Some hoverflies look like bees, while others are easily mistaken for wasps; however, there are two very significant differences. Hoverflies do not sting, and they have only two wings rather than four wings. This visual mimicry reduces the risk of hoverflies being eaten by those predators that are aware that bees and wasps can sting. (It is also reported that bees and wasps taste awful, but as we know tastes do vary!)
Worldwide there are some 6000 or so hoverfly species, colourful insects of which about 280 (less than 5% of the world's hoverfly species) have been recorded in Britain. Some are a mere 1cm in length, while a few grow as big as 2.5cm.
Hoverfly larve are equally harmless to humans. There are some that feed on aphids and are therefore warmly welcomed by gardeners; however, others are known to eat fungi, plant leaves or bulbs. The bee-mimic Eristalis tenax, known as the Common Dronefly, lays its eggs in stagnant water. Its larva has a long breathing tube that allows it to browse upon rotting vegetation on the bed of shallow water while breathing air at the surface. This larva is commonly referred to as the Rat-tailed Maggot.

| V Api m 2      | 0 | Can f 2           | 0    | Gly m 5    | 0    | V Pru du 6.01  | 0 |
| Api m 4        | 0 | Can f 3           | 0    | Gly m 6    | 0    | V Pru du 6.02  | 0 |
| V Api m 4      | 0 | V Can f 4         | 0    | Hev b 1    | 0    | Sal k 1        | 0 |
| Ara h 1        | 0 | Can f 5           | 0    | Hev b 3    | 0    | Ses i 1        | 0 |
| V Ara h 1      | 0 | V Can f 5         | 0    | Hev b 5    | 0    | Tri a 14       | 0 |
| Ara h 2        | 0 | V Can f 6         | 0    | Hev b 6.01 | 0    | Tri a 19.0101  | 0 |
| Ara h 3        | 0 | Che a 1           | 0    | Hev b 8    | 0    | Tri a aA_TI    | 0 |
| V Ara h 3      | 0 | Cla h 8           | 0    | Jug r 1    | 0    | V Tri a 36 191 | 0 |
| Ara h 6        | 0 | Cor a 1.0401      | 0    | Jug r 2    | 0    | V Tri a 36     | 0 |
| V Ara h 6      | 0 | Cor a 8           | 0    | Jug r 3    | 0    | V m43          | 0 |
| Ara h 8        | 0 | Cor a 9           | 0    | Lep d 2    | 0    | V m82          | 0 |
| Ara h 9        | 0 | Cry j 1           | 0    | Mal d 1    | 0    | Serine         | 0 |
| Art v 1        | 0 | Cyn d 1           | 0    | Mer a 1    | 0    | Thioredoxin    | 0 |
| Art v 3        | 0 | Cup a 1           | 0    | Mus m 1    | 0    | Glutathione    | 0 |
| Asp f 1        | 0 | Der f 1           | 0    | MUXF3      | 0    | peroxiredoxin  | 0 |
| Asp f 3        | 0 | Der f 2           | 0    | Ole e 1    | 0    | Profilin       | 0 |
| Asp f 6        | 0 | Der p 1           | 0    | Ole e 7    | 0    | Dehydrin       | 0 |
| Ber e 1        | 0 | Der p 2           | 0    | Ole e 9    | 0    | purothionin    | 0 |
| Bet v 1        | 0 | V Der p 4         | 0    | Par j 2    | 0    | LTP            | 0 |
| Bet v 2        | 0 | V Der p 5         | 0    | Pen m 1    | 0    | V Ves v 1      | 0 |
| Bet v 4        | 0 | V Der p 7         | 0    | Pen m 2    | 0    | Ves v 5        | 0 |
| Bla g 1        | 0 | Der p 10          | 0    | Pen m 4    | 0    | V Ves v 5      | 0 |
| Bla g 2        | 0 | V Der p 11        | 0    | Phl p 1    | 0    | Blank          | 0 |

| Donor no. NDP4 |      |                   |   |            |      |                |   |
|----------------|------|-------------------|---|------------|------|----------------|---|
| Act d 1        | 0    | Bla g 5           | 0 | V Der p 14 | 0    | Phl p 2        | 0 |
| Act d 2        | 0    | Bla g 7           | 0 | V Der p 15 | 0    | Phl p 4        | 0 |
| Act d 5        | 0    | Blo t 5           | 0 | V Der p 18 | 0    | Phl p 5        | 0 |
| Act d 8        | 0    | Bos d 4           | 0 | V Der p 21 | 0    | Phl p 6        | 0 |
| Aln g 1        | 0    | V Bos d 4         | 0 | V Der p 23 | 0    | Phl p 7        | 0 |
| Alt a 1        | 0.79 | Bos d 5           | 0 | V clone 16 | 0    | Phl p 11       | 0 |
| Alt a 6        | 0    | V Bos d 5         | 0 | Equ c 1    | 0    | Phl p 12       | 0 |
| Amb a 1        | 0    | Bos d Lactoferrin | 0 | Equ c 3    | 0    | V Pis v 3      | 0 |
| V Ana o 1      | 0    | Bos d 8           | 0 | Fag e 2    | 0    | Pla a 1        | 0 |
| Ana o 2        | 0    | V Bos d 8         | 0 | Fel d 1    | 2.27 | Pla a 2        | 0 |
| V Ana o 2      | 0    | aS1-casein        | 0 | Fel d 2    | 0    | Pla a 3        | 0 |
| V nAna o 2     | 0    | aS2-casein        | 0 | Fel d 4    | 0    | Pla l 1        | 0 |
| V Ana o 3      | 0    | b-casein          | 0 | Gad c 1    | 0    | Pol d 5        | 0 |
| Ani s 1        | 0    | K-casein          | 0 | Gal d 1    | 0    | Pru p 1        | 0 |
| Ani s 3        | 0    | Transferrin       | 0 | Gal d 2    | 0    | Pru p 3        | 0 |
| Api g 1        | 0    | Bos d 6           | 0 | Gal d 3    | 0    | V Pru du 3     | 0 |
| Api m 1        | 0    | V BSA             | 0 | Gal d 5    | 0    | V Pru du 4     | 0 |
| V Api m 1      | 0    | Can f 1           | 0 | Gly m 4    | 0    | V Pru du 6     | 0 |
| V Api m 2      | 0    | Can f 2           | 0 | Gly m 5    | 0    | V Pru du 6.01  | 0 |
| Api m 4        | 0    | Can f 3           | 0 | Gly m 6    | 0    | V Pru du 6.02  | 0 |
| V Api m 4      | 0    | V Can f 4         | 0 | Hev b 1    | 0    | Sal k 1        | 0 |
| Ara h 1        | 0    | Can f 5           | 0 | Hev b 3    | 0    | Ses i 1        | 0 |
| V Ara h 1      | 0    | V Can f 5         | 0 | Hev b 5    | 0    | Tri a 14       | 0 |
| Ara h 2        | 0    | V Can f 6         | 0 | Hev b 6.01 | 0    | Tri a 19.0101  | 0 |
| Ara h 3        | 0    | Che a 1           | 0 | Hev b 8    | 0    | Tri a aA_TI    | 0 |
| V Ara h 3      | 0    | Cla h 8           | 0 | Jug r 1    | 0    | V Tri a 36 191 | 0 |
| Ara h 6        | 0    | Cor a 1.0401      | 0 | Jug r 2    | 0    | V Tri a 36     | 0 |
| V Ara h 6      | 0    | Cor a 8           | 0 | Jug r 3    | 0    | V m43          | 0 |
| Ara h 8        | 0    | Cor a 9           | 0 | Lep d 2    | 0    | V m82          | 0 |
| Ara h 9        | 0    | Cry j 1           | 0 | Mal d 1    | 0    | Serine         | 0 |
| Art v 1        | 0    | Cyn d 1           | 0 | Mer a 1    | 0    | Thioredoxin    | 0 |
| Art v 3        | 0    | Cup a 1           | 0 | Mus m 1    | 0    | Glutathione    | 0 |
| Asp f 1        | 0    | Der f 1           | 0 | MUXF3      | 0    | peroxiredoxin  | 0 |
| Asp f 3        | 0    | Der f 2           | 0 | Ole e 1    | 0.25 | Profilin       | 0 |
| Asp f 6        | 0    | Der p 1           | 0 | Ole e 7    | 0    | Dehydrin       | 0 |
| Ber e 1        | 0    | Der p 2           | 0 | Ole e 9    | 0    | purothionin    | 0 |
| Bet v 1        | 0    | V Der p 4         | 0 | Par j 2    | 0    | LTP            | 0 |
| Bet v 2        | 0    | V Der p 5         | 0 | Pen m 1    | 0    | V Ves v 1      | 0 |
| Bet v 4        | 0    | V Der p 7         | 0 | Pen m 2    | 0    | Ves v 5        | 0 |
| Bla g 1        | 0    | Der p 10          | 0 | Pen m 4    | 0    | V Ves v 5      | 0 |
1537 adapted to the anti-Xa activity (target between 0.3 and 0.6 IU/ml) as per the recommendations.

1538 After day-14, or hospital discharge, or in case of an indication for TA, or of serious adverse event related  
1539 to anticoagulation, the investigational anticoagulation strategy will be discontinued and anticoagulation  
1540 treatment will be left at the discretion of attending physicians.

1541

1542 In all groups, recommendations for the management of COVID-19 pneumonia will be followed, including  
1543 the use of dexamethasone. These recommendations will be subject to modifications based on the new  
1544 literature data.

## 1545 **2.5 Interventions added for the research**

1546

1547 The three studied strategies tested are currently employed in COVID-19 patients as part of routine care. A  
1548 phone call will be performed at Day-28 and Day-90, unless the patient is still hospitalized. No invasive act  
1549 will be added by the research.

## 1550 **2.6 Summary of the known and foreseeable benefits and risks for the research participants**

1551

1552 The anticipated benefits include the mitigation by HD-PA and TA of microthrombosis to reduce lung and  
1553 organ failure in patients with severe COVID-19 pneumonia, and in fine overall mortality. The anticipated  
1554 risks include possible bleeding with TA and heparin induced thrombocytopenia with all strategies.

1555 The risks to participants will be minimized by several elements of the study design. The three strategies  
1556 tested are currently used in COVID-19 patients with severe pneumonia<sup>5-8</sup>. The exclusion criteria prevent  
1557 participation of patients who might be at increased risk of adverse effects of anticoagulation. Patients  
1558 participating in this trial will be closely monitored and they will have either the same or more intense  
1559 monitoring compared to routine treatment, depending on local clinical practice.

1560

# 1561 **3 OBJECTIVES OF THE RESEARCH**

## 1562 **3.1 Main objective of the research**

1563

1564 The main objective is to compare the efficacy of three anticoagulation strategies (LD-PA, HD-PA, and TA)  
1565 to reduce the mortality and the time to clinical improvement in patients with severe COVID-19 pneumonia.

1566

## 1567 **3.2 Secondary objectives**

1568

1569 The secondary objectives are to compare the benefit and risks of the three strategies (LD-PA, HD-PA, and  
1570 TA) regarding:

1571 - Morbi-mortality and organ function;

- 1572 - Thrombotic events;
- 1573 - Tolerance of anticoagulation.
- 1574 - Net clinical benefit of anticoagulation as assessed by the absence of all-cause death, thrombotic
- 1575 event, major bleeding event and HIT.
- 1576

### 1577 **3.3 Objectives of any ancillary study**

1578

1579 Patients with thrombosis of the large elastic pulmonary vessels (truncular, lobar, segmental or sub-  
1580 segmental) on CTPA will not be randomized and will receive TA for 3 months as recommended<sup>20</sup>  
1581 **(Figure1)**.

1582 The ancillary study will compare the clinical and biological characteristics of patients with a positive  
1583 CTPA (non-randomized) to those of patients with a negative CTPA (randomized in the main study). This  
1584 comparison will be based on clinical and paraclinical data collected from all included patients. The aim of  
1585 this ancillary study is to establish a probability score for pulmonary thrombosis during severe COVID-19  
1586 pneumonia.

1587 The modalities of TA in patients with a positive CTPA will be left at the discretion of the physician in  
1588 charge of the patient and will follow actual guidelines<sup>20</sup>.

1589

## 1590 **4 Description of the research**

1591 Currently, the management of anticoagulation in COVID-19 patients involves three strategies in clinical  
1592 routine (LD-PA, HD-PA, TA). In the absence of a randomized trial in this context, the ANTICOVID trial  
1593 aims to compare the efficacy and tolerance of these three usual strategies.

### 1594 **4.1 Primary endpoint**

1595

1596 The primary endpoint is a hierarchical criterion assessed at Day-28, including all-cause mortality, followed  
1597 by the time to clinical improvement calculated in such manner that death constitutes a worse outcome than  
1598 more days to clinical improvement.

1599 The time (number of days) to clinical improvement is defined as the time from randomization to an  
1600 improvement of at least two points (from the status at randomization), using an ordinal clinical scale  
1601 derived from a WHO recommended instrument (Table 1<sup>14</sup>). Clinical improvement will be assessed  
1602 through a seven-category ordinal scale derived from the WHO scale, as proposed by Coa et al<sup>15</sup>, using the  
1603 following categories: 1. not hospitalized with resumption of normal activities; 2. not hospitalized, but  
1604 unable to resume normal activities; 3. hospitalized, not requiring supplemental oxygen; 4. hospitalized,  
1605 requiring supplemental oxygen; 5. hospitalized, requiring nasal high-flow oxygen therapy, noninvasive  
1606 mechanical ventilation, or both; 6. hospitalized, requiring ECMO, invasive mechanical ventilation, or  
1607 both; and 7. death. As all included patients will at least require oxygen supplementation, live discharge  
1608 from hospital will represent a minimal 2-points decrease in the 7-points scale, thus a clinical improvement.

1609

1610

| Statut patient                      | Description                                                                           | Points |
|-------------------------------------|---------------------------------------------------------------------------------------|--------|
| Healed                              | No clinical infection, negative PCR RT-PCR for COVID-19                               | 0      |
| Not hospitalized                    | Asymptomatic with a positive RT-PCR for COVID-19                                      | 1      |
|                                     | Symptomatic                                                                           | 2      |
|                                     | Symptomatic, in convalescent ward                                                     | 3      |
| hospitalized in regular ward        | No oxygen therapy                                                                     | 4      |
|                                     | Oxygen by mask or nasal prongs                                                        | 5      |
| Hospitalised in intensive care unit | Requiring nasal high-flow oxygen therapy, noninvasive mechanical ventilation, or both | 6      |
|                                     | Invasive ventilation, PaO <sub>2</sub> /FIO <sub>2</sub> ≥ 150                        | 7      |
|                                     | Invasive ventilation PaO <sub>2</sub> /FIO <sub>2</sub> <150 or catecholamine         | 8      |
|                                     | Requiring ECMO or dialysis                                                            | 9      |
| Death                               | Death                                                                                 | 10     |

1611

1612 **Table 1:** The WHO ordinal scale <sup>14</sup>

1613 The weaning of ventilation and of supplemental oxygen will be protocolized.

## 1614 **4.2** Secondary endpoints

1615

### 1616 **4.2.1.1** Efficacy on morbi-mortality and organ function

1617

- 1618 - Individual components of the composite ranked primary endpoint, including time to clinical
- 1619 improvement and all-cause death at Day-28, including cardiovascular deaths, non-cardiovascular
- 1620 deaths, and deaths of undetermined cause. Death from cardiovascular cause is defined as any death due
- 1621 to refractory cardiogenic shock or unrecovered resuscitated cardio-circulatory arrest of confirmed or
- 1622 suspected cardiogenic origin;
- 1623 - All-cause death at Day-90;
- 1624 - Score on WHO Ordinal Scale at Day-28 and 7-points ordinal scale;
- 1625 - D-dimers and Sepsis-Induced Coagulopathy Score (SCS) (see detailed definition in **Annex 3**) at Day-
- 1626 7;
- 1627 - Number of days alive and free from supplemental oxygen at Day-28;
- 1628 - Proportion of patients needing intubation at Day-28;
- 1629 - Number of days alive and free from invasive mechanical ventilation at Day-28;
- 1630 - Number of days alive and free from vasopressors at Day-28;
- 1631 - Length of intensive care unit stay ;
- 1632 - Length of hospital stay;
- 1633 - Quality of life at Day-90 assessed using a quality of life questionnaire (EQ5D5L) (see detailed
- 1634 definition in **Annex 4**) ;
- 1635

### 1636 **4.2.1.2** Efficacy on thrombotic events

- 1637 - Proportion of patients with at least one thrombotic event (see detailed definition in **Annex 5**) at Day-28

Hoverflies are most evident in parks and gardens at the adult stage which, depending on species, is between March and November. Most adult hoverflies feed on flowers, drinking nectar and eating pollen and/or honeydew, although there are also carnivorous hoverflies that feed on small dead insects.
We hope to extend the Hoverflies Gallery as time permits. In In the meantime, if you spot any errors please get in touch; we are always grateful for any help and advice.